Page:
No, it wasn't I agree. I'm reading accounts of the earlier part of the 19th century where starvation was the norm for many people. By the end of the century with improved wages and working hours legislation life was a lot better.
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[User Picture]From: mummm
2008-07-31 01:01 pm (UTC)
What an interesting, and beautiful place! I would enjoy seeing it in person I am sure.

Do you know the name of the purple vine by any chance?
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[User Picture]From: poliphilo
2008-07-31 01:06 pm (UTC)
That's lilac isn't it? The picture is a little misleading; it's not growing on the wall, but beside it.
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[User Picture]From: mummm
2008-07-31 01:22 pm (UTC)
Oh... that might be, though our lilacs only bloom in the spring. It might even be a butterfly bush kind of plant. It's very pretty, whatever it is.
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From: nostoi
2008-07-31 02:19 pm (UTC)
I thought it was a buddleia.
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[User Picture]From: mummm
2008-07-31 02:24 pm (UTC)
Oh good... that is what we call a Butterfly Bush. :^)
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[User Picture]From: poliphilo
2008-07-31 02:40 pm (UTC)
I've asked Ailz. She agrees: it's a butterfly bush/buddleia.
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[User Picture]From: pondhopper
2008-07-31 02:45 pm (UTC)
The "cyclopean" (lovely description!) aqueduct is spectacular in your photo. I love the perspective the boys in the picture give as to the size of the construction.

From where and to where did the aqueduct carry water?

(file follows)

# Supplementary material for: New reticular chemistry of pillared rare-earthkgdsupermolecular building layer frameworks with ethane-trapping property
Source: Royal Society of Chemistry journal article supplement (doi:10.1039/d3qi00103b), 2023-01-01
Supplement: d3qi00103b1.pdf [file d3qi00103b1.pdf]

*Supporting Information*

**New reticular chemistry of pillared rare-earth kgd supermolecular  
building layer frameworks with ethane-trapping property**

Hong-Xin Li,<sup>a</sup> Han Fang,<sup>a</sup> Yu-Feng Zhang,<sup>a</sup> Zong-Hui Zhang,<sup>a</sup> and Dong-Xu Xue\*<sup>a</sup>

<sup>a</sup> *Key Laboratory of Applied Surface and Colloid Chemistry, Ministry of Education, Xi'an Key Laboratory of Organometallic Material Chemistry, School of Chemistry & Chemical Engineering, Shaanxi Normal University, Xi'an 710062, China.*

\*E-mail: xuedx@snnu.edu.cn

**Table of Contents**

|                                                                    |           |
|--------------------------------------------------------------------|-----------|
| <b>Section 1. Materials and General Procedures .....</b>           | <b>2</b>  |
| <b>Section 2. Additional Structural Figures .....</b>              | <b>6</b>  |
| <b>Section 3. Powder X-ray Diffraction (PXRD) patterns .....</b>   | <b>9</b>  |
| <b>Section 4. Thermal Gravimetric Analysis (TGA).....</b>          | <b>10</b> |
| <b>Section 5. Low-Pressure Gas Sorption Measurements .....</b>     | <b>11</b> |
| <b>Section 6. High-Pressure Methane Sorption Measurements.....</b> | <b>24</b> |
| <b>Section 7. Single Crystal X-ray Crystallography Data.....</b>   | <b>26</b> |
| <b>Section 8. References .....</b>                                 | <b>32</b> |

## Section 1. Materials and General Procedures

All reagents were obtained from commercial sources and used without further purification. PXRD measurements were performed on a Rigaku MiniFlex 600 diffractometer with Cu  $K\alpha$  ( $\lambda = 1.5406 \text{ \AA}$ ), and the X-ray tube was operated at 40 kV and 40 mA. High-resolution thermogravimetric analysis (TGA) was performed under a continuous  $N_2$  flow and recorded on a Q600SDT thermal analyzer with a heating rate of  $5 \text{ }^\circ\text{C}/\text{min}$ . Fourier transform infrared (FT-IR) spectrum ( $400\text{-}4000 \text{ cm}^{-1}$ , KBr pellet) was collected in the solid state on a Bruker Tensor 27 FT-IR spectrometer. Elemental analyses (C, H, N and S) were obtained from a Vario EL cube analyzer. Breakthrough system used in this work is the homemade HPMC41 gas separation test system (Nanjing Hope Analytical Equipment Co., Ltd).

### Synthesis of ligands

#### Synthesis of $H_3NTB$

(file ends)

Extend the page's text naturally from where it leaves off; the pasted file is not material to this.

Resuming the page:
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[User Picture]From: poliphilo
2008-07-31 03:05 pm (UTC)
It carried the Hollinwood canal- which ran between Hollinwood and Ashton-under-Lyne- where it joined the Ashton canal which goes down into Manchester.

According to my sources, the prime function of this canal network was to transport coal from the mines up here in the hills to the great manfacturing city on the plain.
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[User Picture]From: wyrmwwd
2008-07-31 02:53 pm (UTC)
This reminds me a lot of where I live. Syracuse used to be a major industrial center and a stop on the Erie Canal. They have since filled in the canal here, and most of the industry is gone.

Isn't it wonderful how Nature just takes stuff back?
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[User Picture]From: poliphilo
2008-07-31 03:16 pm (UTC)
Yes, I love to watch Nature re-colonising the sites we abandon. She moves with remarkable speed.

Mind you, a lot of British canals have re-opened in recent years. People love (a) living beside water and (b) messing about in boats. There are even plans (probably not very far advanced) to re-open the canals I've pictured here.


Edited at 2008-07-31 03:17 pm (UTC)
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[User Picture]From: jackiejj
2008-07-31 04:38 pm (UTC)
The canal with rushes is a pleasure to look at, and particularly fine are the purple flowers against the red bricks.
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[User Picture]From: poliphilo
2008-07-31 09:03 pm (UTC)
Thanks.

Those purple flowers smelled nice too!